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This article aims to help understand immune problems encountered in ataxia telangiectasia and presented in other sections of this chapter.

 

Immunity

Thumbnail imageImmunity can be defined as the ability to recognize "self", that is to say every single part of my body, and to reject the "non-self", every foreigner who wants to enter it or develop abnormally. We call these intruders antigens.


There are three lines of defense:

  • the first two are called innate or non-specific because they act regardless of the nature of the aggression.
  • the last is called acquired because it is developed according to the type of aggression.

 

Recognition principle

The self is recognized through the major histocompatibility complex (MHC),called HLA (Human Leukocyte Antigen) in humans: cells have unique surface proteins to differentiate self from nonself.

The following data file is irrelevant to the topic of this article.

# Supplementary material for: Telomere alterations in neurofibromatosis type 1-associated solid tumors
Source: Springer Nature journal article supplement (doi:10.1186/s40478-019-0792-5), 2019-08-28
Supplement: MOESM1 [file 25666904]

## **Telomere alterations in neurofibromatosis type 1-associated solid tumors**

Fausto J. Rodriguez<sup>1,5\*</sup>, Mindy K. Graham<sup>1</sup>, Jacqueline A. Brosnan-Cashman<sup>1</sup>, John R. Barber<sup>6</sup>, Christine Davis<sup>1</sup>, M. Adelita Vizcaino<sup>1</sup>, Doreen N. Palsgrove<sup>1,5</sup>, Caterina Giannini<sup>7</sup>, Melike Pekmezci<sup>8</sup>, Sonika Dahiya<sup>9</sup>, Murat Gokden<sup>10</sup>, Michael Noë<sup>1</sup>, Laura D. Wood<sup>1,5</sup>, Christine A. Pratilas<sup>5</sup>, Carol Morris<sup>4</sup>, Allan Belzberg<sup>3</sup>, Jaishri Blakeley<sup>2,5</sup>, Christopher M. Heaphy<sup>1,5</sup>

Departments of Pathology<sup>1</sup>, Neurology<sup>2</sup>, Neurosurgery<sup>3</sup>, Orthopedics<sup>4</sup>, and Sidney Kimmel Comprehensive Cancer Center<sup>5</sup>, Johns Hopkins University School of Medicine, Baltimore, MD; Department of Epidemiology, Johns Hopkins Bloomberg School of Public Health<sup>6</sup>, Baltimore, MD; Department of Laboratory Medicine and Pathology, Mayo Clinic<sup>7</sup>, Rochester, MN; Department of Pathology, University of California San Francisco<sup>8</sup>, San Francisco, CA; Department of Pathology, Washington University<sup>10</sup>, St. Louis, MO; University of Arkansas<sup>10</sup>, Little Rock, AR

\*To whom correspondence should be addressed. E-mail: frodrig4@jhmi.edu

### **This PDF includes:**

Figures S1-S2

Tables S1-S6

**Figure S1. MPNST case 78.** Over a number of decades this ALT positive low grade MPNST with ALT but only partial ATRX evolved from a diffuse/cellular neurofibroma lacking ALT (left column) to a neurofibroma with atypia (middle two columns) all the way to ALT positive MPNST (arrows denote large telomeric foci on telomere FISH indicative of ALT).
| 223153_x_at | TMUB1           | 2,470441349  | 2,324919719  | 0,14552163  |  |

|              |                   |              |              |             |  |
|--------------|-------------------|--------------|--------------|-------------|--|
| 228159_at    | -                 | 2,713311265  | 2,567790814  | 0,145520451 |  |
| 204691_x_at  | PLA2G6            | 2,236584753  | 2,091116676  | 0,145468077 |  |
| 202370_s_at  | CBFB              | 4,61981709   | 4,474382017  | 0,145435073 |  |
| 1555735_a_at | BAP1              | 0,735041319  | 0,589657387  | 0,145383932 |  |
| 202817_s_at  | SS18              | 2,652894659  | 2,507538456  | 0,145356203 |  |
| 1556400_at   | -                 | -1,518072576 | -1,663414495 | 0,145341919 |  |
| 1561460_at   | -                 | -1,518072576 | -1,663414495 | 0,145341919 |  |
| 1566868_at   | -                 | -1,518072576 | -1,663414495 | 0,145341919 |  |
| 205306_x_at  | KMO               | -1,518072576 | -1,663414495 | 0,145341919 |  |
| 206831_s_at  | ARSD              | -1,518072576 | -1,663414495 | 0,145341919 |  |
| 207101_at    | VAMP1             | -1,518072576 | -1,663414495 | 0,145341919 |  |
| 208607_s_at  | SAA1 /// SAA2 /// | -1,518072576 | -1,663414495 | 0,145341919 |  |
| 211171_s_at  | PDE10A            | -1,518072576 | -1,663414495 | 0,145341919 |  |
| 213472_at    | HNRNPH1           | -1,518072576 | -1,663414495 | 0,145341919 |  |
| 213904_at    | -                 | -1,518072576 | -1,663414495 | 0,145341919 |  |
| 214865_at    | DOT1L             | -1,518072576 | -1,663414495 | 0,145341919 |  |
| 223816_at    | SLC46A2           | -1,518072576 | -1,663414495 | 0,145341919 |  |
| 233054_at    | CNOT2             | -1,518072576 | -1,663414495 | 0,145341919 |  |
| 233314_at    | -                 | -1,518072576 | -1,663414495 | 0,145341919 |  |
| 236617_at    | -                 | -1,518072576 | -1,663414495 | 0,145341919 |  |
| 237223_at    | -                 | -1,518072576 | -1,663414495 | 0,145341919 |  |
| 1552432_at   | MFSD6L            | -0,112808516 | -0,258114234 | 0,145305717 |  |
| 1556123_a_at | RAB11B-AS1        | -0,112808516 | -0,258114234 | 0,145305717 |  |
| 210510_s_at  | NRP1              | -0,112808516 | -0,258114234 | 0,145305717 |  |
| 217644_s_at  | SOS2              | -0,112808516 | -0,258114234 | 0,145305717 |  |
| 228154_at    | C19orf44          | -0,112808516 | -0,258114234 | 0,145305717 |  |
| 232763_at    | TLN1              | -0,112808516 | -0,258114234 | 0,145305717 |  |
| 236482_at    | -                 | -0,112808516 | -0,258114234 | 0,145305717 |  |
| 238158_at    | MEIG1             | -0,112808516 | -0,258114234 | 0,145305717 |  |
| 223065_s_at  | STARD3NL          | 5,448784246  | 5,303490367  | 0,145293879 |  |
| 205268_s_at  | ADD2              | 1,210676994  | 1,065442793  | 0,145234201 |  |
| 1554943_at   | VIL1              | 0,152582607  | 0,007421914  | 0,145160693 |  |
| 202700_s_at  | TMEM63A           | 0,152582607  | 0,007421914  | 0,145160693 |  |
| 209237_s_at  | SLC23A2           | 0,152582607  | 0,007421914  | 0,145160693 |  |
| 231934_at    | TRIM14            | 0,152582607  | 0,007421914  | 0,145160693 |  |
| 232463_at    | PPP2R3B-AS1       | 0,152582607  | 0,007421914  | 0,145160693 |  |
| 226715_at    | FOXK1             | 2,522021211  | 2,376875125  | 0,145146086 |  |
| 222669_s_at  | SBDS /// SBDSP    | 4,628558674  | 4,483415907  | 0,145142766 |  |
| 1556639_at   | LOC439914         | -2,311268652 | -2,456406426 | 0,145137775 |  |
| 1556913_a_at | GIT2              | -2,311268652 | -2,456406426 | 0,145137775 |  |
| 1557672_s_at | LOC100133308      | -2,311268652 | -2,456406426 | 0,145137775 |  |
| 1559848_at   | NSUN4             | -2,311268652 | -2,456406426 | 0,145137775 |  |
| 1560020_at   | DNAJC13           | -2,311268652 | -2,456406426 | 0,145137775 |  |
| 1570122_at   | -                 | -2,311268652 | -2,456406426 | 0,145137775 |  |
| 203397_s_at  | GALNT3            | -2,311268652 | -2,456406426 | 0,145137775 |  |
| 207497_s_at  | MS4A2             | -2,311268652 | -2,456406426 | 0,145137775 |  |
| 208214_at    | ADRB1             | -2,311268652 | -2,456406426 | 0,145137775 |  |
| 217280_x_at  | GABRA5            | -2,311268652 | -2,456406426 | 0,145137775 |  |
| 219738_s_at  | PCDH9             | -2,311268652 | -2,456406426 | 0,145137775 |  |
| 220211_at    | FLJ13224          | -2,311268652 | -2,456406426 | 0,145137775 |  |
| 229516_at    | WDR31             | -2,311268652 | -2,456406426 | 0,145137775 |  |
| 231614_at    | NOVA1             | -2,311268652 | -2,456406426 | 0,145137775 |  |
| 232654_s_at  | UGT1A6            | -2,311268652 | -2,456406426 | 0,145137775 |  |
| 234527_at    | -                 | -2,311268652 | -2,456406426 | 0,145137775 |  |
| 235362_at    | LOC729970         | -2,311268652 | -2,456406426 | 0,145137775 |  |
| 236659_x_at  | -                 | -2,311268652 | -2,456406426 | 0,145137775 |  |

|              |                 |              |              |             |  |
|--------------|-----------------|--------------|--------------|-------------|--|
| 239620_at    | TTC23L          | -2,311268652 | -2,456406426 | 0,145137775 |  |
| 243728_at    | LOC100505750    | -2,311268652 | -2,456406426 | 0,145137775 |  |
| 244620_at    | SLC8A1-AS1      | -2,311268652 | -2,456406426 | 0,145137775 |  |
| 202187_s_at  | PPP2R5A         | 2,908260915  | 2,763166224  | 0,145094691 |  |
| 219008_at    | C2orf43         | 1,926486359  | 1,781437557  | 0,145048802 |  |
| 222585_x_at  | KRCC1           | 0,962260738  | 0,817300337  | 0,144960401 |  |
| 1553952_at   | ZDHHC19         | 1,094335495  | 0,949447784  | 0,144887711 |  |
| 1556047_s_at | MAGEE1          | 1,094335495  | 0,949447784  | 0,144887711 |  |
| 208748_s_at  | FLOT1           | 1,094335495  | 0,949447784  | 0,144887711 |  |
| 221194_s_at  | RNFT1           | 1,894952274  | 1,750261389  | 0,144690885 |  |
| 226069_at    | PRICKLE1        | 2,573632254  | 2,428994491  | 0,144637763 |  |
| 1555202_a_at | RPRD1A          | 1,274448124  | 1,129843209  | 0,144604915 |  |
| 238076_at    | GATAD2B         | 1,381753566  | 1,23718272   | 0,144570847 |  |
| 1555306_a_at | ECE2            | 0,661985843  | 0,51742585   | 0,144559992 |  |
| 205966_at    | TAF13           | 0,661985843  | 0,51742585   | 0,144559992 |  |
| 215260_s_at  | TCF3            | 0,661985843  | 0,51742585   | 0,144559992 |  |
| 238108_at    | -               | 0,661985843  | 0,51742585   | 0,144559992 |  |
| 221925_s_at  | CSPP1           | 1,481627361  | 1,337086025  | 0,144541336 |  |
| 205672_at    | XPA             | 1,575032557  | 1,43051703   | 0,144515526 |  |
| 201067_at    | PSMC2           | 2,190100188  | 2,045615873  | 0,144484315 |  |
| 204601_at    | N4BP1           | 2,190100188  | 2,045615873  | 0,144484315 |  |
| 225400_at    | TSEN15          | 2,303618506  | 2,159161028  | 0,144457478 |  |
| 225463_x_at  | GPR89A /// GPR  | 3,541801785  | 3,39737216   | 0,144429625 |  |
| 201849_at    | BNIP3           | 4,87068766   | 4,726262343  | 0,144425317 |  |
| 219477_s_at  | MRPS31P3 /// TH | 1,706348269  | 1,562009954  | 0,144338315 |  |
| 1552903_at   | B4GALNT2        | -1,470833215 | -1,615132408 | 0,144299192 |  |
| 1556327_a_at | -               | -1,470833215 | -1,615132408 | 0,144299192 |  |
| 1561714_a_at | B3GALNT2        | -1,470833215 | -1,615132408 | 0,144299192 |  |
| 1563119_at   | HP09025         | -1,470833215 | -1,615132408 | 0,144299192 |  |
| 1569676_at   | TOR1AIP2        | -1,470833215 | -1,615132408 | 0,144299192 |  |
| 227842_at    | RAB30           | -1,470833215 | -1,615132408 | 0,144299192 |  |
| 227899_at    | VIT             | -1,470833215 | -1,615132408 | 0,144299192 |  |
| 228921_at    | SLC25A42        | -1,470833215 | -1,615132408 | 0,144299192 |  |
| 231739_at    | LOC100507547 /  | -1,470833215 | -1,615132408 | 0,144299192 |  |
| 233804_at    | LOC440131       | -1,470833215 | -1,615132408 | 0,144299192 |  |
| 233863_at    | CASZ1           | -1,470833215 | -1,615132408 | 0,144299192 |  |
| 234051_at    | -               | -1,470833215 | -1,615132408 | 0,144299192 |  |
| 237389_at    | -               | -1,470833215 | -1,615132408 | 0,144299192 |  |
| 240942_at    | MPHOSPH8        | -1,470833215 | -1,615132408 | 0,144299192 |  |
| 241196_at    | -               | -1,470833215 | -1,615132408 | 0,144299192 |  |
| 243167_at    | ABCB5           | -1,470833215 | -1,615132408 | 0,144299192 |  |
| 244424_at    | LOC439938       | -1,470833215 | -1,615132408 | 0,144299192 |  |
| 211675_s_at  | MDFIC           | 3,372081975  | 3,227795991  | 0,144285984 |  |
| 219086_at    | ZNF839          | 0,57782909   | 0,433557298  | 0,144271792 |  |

Note that in humans, the brain has its own immune system separate from the rest of the body.

 

Types of aggression

Agressions may be:

  • Physico-chemical (chemical, climatic, mechanical, ....)
  • Due to other organisms (which creates infection) viruses, bacteria, fungi, yeasts, ...

They are permanent.

 

Defence line 1 : skin and mucous

They both offer a barrier against micro-organisms:
Thumbnail image

  • The skin is covered with keratin resisting to bacterial enzymes. There are also hair and eyelashes.
  • The high impermeability of the very tight mucosal cells protects the respiratory, digestive, respiratory or genito-urinary ways. Some mucous membranes are also covered with a protective film, the mucus, which is evacuated with the foreign bodies "captured" thanks to cilia.
  • In tears and saliva contain lysozyme which destroys the cell wall of many bacteria.

 

Defence line 2: innate immunity

The second line consists of cellular and chemical defenses: